Maymon says he feels “between 67 percent and 73 percent,” but he isn’t feeling any pain or discomfort. The 6-foot-7 senior explained the discrepancy by saying he can’t feel as if he’s 100 percent until he’s back in peak condition.
“I’m not concerned,” Maymon said. “As long as I continue to gradually (improve), whatever percent I am at beginning of the season, I’ll be good enough to play and good enough to contribute and help my team earn victories. That’s pretty much the main goal, to gradually increase day by day. We don’t have to make a major leap every week, just 2 to 3 percent a week is good for me.”
Maymon says he played at 261 pounds during the 2011-12 season but wants to get down to 255. He currently is 266 after weighing almost 280 a few months ago. Maymon also said his left quadriceps muscle got smaller during his layoff and he’s trying to build it back up to match his right one.
Tennessee hopes Maymon can recapture the form he showed in 2011-12, when he averaged 12.7 points and ranked fifth in the Southeastern Conference with 8.1 rebounds per game to earn second-team all-conference honors while serving as the Volunteers’ emotional leader.
Vols coach Cuonzo Martin said Maymon “looks like the same guy to me, making moves off the bounce, facilitating the offense.” But he also pointed out that Maymon remains limited in full-court team activities because the Vols want to remain cautious.
“It’s just one of those deals where I’m not sure when he’ll get cleared fulltime to do everything on a consistent basis every day,” Martin said. “We kind of limit his days as far as five-on-five fullcourt, but he’s at every individual workout and skill workout and does everything like the normal players.”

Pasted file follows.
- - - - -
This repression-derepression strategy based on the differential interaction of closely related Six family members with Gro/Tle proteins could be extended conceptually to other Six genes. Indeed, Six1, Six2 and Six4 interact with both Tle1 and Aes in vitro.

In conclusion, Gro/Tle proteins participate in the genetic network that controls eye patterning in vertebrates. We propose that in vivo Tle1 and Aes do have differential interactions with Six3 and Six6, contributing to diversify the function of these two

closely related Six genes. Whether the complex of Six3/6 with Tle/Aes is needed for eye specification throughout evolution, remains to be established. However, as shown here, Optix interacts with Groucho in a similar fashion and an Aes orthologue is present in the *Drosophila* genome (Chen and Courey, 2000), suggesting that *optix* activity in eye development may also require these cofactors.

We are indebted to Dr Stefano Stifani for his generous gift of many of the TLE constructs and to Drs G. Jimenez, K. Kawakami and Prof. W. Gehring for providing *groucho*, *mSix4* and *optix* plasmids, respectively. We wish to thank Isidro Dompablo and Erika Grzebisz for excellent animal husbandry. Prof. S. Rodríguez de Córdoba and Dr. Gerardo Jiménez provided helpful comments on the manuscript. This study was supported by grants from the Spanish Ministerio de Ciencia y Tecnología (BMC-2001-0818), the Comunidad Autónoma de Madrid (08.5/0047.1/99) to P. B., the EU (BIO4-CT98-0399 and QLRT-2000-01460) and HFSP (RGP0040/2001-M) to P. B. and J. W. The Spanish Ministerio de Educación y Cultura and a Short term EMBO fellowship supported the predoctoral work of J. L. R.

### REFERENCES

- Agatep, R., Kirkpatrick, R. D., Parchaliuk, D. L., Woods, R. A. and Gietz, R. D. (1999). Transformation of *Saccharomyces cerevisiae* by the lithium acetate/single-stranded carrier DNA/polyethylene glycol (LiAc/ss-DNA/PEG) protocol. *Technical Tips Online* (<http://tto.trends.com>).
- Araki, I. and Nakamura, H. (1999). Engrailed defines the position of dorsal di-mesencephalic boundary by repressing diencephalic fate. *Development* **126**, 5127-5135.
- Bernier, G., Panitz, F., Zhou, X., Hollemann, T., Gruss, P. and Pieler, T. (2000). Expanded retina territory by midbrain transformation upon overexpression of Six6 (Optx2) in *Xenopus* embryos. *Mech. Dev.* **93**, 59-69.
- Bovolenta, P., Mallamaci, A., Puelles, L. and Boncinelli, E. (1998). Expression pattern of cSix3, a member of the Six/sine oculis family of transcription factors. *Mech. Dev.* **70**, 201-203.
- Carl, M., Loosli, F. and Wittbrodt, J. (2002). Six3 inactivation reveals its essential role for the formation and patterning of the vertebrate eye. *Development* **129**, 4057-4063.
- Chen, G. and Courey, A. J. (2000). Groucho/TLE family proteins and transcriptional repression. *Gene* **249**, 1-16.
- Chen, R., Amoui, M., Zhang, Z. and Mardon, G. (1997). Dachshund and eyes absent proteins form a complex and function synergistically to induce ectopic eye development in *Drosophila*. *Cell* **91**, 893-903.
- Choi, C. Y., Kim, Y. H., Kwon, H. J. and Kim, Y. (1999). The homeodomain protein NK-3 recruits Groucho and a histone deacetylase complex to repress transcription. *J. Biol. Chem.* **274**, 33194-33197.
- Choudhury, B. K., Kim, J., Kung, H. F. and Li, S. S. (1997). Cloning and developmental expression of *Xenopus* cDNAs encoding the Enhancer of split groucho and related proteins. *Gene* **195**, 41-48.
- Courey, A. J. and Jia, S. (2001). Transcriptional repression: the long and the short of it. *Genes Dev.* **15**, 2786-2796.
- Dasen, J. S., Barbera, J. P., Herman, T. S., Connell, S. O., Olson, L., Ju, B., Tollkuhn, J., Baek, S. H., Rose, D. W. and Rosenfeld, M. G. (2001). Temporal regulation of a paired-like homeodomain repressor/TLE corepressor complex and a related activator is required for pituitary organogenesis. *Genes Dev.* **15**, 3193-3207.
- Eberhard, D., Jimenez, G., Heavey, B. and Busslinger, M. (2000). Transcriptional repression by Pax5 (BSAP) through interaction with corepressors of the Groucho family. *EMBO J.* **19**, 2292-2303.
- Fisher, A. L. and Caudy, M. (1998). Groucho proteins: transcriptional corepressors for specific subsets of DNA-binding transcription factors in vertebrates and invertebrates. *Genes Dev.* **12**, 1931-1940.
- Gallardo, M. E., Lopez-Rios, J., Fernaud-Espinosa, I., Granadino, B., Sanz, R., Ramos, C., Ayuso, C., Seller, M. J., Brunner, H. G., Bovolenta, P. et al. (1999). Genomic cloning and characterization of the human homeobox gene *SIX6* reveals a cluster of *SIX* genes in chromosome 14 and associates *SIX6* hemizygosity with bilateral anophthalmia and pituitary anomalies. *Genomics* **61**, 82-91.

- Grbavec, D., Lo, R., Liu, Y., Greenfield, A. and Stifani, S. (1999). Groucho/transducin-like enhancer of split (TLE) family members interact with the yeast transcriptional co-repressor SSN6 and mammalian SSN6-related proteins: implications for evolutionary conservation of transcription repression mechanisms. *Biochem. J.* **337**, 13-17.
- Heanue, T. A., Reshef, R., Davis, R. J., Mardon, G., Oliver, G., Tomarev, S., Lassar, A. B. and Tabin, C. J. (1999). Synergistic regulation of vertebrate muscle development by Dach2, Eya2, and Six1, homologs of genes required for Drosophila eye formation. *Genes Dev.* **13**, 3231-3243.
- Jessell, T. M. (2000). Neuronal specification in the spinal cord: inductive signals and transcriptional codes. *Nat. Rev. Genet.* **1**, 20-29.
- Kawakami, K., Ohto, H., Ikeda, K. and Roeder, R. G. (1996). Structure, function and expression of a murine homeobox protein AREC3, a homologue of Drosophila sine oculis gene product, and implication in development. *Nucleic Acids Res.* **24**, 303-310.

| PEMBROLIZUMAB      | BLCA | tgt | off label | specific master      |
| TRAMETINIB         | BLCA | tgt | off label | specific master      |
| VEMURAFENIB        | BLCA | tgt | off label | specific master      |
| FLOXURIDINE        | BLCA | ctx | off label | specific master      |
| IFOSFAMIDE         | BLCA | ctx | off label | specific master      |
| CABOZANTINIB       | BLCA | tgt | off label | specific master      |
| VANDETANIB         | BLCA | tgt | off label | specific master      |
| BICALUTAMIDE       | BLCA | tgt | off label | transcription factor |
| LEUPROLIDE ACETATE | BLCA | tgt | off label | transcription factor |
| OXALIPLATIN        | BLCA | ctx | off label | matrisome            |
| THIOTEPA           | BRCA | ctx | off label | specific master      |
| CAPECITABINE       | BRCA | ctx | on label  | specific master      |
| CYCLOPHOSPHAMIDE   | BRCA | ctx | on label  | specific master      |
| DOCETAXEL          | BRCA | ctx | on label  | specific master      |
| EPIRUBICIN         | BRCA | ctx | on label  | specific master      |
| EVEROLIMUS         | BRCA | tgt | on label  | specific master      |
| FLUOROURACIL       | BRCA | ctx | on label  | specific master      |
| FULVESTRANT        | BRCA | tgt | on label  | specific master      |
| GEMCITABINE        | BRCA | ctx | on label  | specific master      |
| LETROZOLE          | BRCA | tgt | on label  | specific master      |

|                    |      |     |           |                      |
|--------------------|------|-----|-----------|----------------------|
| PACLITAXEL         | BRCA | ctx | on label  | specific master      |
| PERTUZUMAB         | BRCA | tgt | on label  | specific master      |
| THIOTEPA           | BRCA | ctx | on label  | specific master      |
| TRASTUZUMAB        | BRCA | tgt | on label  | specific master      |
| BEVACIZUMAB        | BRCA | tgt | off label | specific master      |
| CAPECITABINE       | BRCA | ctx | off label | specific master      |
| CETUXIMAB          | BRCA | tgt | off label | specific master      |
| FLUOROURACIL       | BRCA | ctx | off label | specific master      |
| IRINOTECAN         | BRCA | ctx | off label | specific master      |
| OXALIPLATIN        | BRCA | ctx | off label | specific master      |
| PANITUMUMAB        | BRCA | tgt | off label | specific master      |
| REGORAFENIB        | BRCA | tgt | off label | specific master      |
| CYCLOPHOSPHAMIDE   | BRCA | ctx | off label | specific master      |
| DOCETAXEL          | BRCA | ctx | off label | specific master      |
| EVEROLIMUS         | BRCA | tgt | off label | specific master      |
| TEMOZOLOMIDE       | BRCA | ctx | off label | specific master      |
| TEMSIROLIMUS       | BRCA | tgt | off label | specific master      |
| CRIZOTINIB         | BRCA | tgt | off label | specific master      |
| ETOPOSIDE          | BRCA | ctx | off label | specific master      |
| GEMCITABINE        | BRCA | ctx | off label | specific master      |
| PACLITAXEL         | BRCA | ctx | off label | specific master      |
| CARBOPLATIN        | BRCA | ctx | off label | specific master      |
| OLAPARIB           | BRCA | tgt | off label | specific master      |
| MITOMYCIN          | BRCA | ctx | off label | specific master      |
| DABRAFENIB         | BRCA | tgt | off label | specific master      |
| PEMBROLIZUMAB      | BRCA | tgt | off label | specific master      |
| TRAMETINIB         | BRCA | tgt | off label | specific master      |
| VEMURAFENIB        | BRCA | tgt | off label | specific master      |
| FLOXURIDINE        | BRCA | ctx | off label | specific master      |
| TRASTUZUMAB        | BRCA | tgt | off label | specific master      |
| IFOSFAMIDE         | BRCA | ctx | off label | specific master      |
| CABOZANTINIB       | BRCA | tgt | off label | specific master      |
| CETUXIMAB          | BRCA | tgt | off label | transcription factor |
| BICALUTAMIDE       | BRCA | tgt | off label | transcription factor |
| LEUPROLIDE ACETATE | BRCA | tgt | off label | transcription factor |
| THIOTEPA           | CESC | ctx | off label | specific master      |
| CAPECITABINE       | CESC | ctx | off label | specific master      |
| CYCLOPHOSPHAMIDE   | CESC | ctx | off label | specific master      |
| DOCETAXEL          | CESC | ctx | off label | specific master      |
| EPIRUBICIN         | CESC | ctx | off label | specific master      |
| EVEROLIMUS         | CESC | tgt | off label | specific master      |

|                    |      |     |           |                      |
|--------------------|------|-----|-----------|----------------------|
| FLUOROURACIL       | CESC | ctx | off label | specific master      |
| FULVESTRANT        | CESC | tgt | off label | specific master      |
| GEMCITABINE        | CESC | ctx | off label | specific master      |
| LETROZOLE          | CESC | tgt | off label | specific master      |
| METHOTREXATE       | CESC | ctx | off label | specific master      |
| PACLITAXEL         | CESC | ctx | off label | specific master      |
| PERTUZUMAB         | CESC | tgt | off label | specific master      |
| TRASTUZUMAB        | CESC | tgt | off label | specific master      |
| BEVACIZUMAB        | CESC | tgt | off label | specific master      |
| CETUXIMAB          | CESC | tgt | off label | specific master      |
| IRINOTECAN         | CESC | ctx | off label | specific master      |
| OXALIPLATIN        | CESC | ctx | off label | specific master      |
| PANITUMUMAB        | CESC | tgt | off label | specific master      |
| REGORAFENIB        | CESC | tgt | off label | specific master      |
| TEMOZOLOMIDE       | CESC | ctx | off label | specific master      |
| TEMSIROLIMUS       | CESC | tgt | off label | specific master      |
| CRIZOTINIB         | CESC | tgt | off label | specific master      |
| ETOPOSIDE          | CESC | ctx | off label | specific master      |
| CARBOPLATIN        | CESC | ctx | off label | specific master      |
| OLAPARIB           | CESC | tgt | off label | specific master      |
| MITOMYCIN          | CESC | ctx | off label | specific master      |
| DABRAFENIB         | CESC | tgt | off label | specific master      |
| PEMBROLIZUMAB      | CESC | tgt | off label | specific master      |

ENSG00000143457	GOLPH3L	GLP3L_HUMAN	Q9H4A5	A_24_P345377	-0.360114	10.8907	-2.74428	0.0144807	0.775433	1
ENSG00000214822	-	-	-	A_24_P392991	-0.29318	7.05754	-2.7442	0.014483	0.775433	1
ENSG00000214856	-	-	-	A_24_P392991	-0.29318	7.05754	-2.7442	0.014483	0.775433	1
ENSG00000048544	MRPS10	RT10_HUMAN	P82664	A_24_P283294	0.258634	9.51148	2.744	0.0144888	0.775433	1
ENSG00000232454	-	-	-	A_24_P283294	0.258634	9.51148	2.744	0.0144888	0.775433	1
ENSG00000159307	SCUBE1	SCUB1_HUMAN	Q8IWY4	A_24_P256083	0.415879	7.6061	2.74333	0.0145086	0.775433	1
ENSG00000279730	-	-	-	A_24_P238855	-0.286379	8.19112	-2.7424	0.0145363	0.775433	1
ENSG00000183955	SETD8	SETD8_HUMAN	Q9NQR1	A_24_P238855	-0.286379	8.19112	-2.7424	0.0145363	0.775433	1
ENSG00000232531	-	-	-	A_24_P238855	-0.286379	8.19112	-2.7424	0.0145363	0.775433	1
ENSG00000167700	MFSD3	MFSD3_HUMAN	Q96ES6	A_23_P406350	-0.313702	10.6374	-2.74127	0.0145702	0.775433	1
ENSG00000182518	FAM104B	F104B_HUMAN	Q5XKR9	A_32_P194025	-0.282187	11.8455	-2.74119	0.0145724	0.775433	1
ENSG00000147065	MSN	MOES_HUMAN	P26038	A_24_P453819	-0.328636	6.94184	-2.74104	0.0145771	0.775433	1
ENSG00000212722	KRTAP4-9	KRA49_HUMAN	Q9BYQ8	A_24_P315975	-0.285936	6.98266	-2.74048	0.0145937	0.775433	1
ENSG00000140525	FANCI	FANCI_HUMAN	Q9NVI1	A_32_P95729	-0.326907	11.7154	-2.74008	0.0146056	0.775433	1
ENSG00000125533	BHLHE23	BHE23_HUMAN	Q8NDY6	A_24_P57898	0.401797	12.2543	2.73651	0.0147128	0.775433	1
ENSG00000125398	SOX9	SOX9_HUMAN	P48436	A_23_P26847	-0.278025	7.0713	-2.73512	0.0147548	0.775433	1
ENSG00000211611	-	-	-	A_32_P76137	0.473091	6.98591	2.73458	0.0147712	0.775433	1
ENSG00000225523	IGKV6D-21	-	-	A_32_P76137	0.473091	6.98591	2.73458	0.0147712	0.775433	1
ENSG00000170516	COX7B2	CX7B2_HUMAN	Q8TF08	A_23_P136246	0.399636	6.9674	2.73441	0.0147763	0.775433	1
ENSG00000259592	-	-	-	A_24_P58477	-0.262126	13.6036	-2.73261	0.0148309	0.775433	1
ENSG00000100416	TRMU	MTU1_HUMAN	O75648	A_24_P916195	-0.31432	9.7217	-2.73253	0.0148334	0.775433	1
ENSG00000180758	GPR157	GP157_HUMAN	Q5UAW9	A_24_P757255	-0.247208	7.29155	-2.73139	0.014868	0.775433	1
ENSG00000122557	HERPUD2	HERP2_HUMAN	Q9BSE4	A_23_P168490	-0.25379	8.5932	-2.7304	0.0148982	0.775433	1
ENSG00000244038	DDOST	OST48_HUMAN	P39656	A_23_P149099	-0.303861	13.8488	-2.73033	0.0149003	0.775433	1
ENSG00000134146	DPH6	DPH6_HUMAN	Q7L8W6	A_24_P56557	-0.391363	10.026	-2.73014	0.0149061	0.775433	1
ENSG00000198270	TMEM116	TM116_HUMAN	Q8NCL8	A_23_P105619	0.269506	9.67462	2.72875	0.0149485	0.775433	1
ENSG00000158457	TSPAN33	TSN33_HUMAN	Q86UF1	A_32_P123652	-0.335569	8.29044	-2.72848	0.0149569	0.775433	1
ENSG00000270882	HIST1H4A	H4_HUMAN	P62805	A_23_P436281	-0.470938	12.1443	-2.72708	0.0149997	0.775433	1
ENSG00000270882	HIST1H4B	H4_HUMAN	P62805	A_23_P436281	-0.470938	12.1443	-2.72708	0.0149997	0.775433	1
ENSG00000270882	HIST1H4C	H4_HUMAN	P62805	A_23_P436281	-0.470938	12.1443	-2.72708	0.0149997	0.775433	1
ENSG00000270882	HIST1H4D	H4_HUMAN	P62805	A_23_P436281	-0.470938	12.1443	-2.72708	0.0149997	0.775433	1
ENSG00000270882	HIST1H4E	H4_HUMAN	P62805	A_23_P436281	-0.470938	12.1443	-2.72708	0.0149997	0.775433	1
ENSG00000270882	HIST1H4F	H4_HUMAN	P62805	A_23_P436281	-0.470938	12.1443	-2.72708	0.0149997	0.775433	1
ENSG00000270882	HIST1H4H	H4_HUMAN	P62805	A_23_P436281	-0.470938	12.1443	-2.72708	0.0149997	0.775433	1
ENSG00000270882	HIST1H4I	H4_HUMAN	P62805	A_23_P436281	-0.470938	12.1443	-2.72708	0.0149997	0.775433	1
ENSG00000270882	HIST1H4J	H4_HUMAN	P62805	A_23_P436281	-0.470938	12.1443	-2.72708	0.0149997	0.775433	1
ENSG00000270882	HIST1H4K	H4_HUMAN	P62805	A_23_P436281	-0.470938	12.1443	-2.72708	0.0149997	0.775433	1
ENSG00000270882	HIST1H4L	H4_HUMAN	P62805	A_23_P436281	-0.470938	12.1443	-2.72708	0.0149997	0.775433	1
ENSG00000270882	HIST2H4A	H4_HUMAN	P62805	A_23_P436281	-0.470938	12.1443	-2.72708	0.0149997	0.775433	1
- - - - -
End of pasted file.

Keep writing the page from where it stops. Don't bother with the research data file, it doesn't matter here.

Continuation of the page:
This injury already has kept Maymon out longer than either he or the team expected.
When the Vols announced last fall that Maymon had a setback in his recovery from offseason knee surgery, Martin said it wouldn’t knock his star forward out the entire season. But the injury lingered to the point that both the team and player decided in January that a redshirt was the best option.
“When I first redshirted, that was probably my lowest moment,” Maymon said. “I spent the whole day at home sad and not answering phone calls or text messages, just thinking about what my future holds and everything like that. After that, the next day, you’ve got to get up and get to work. You’ve got to work if you want to get better. You can’t sit around and expect things to change on their own. I probably took a day to feel sorry for myself, and after that it was grind time.”
Maymon often wakes up at 5:15 a.m. for a rehabilitation session and workout before an 8 a.m. class. He then goes through more rehab, weightlifting sessions and agility drills the rest of the day.
He credits his parents for helping him through this ordeal.
Maymon said he inherited his work ethic from his father, who works in facility repair at the University of Wisconsin. Maymon said his positive attitude comes from his mother.
“She’s really like my rock,” Maymon said. “She helps me through all the tough times. Sometimes I call her just to hear her voice, and my days get better.”
LaTanya Maymon says her son’s decision to leave his home state by transferring from Marquette to Tennessee after helped him learn to deal with adversity. Maymon decided to leave Marquette in December 2009.
“He made a big-boy decision with that move,” LaTanya Maymon said. “He made a conscious decision to move away from right up the street where we could get to him within an hour to moving (over) 600 miles away, where he had to stand up and had to draw from everything we had taught him. I believe that move prepared him for the season that he just went through.”
Maymon now is more focused on the upcoming season.
He isn’t dwelling on whether he can match his 2011-12 production. He’s more concerned with helping the Vols earn the NCAA tournament bid that eluded them the last two seasons.
“I’m not worried about scoring,” Maymon said. “I’m just worried about defending and keeping my team together as much as possible so we can make a good run in late March. The only thing that matters in college basketball is getting wins and prolonging your season until you’re the last team standing.”